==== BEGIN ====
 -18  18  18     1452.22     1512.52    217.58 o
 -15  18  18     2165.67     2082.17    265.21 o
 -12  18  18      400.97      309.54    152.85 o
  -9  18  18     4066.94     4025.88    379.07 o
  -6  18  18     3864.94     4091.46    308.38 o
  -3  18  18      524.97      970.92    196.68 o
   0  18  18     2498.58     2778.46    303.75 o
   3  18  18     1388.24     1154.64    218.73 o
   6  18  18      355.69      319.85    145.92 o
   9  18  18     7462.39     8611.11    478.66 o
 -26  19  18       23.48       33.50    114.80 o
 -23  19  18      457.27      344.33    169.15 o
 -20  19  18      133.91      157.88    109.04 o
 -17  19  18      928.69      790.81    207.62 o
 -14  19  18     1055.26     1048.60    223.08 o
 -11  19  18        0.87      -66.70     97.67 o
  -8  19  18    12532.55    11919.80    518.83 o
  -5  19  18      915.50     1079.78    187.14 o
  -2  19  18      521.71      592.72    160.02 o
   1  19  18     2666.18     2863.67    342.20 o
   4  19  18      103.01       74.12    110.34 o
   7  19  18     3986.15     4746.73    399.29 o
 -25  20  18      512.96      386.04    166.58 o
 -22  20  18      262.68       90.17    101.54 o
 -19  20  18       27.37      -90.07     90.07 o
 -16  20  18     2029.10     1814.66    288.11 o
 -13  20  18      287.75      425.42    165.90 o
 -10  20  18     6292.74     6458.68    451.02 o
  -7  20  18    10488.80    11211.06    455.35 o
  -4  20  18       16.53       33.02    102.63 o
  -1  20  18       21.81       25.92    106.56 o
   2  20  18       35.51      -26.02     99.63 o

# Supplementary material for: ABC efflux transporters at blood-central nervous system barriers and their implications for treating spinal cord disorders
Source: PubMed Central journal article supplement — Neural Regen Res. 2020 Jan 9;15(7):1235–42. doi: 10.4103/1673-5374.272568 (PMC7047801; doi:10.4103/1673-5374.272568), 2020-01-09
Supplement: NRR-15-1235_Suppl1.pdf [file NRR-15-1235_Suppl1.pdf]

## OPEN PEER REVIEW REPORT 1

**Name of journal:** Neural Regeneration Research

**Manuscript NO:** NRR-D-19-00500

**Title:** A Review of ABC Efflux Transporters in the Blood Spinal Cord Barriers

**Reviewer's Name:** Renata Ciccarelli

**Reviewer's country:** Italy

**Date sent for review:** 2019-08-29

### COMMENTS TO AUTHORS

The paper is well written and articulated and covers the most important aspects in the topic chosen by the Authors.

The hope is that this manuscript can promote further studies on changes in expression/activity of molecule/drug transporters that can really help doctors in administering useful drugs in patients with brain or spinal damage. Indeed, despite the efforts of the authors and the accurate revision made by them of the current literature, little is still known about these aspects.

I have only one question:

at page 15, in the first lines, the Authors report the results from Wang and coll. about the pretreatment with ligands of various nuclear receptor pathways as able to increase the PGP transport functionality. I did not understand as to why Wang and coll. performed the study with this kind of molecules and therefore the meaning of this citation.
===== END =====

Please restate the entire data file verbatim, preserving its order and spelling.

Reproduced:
 -18  18  18     1452.22     1512.52    217.58 o
 -15  18  18     2165.67     2082.17    265.21 o
 -12  18  18      400.97      309.54    152.85 o
  -9  18  18     4066.94     4025.88    379.07 o
  -6  18  18     3864.94     4091.46    308.38 o
  -3  18  18      524.97      970.92    196.68 o
   0  18  18     2498.58     2778.46    303.75 o
   3  18  18     1388.24     1154.64    218.73 o
   6  18  18      355.69      319.85    145.92 o
   9  18  18     7462.39     8611.11    478.66 o
 -26  19  18       23.48       33.50    114.80 o
 -23  19  18      457.27      344.33    169.15 o
 -20  19  18      133.91      157.88    109.04 o
 -17  19  18      928.69      790.81    207.62 o
 -14  19  18     1055.26     1048.60    223.08 o
 -11  19  18        0.87      -66.70     97.67 o
  -8  19  18    12532.55    11919.80    518.83 o
  -5  19  18      915.50     1079.78    187.14 o
  -2  19  18      521.71      592.72    160.02 o
   1  19  18     2666.18     2863.67    342.20 o
   4  19  18      103.01       74.12    110.34 o
   7  19  18     3986.15     4746.73    399.29 o
 -25  20  18      512.96      386.04    166.58 o
 -22  20  18      262.68       90.17    101.54 o
 -19  20  18       27.37      -90.07     90.07 o
 -16  20  18     2029.10     1814.66    288.11 o
 -13  20  18      287.75      425.42    165.90 o
 -10  20  18     6292.74     6458.68    451.02 o
  -7  20  18    10488.80    11211.06    455.35 o
  -4  20  18       16.53       33.02    102.63 o
  -1  20  18       21.81       25.92    106.56 o
   2  20  18       35.51      -26.02     99.63 o

# Supplementary material for: ABC efflux transporters at blood-central nervous system barriers and their implications for treating spinal cord disorders
Source: PubMed Central journal article supplement — Neural Regen Res. 2020 Jan 9;15(7):1235–42. doi: 10.4103/1673-5374.272568 (PMC7047801; doi:10.4103/1673-5374.272568), 2020-01-09
Supplement: NRR-15-1235_Suppl1.pdf [file NRR-15-1235_Suppl1.pdf]

## OPEN PEER REVIEW REPORT 1

**Name of journal:** Neural Regeneration Research

**Manuscript NO:** NRR-D-19-00500

**Title:** A Review of ABC Efflux Transporters in the Blood Spinal Cord Barriers

**Reviewer's Name:** Renata Ciccarelli

**Reviewer's country:** Italy

**Date sent for review:** 2019-08-29

### COMMENTS TO AUTHORS

The paper is well written and articulated and covers the most important aspects in the topic chosen by the Authors.

The hope is that this manuscript can promote further studies on changes in expression/activity of molecule/drug transporters that can really help doctors in administering useful drugs in patients with brain or spinal damage. Indeed, despite the efforts of the authors and the accurate revision made by them of the current literature, little is still known about these aspects.

I have only one question:

at page 15, in the first lines, the Authors report the results from Wang and coll. about the pretreatment with ligands of various nuclear receptor pathways as able to increase the PGP transport functionality. I did not understand as to why Wang and coll. performed the study with this kind of molecules and therefore the meaning of this citation.